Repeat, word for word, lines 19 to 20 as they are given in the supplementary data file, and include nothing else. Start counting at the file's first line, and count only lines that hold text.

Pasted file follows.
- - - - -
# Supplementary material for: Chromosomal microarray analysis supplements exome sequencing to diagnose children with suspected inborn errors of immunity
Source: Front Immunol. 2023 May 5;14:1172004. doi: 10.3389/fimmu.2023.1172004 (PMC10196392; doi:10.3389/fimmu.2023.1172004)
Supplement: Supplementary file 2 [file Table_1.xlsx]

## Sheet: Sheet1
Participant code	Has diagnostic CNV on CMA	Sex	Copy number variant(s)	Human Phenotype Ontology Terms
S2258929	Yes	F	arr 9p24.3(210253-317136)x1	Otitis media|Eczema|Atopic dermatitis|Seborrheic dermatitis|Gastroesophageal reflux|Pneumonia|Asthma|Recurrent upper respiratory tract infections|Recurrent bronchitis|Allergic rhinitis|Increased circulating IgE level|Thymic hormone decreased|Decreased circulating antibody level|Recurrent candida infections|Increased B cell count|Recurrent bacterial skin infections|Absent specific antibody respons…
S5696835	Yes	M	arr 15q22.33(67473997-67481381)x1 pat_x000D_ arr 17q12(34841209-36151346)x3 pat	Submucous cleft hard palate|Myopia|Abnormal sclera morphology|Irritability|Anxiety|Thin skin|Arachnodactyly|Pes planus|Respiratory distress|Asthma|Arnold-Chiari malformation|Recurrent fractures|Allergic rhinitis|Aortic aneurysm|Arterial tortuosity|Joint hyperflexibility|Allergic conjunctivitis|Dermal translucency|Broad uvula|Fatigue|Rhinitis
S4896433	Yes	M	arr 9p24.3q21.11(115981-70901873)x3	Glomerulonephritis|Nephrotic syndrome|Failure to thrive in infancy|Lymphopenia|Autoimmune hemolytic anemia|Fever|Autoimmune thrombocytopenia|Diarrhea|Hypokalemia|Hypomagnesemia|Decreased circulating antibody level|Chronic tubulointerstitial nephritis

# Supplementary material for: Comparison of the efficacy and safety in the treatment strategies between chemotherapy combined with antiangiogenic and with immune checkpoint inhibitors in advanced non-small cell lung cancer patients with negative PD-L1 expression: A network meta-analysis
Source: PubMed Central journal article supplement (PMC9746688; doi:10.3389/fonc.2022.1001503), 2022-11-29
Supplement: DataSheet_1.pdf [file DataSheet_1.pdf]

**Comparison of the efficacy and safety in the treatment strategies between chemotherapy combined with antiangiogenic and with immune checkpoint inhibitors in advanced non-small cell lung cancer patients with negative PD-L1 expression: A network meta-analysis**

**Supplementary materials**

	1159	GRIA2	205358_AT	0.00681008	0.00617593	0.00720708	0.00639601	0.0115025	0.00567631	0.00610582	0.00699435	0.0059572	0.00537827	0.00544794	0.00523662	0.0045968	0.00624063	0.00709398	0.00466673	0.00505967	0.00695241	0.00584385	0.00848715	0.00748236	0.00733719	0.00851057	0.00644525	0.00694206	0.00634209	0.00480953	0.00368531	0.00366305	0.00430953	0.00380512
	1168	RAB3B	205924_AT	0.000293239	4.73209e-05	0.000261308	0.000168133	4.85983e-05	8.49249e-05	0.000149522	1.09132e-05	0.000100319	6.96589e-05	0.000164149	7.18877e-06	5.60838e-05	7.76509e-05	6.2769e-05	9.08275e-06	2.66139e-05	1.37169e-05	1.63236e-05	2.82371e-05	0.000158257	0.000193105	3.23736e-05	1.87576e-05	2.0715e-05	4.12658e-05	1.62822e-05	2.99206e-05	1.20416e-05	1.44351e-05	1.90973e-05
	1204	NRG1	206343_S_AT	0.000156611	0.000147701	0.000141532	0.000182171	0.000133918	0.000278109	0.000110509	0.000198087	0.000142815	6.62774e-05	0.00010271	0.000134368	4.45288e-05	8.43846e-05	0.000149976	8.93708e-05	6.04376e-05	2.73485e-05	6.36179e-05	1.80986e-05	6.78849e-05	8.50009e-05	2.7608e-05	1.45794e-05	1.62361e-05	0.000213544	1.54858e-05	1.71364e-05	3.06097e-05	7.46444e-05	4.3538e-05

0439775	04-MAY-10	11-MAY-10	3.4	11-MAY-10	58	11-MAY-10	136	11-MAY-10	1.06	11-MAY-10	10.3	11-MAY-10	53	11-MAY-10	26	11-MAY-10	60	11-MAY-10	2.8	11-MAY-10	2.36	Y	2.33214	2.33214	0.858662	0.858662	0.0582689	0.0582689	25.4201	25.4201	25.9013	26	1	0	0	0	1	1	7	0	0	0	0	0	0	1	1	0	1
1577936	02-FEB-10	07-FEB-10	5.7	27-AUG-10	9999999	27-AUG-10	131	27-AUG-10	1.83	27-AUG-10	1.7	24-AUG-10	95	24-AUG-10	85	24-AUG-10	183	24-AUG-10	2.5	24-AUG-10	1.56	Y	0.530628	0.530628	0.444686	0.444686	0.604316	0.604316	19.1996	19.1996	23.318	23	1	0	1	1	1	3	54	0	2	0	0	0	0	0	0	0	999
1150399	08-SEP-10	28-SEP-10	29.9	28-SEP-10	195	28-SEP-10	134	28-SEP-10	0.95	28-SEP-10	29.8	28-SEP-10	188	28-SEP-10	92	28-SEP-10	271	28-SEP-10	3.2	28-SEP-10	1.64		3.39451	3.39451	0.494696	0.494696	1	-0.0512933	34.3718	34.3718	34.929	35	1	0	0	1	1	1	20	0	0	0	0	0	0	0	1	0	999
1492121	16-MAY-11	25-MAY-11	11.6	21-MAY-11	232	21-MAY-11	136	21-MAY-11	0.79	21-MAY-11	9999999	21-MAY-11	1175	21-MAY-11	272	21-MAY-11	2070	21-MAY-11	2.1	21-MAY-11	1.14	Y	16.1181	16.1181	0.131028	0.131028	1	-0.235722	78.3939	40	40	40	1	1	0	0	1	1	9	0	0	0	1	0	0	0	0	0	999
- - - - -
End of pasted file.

1150399	08-SEP-10	28-SEP-10	29.9	28-SEP-10	195	28-SEP-10	134	28-SEP-10	0.95	28-SEP-10	29.8	28-SEP-10	188	28-SEP-10	92	28-SEP-10	271	28-SEP-10	3.2	28-SEP-10	1.64		3.39451	3.39451	0.494696	0.494696	1	-0.0512933	34.3718	34.3718	34.929	35	1	0	0	1	1	1	20	0	0	0	0	0	0	0	1	0	999
1492121	16-MAY-11	25-MAY-11	11.6	21-MAY-11	232	21-MAY-11	136	21-MAY-11	0.79	21-MAY-11	9999999	21-MAY-11	1175	21-MAY-11	272	21-MAY-11	2070	21-MAY-11	2.1	21-MAY-11	1.14	Y	16.1181	16.1181	0.131028	0.131028	1	-0.235722	78.3939	40	40	40	1	1	0	0	1	1	9	0	0	0	1	0	0	0	0	0	999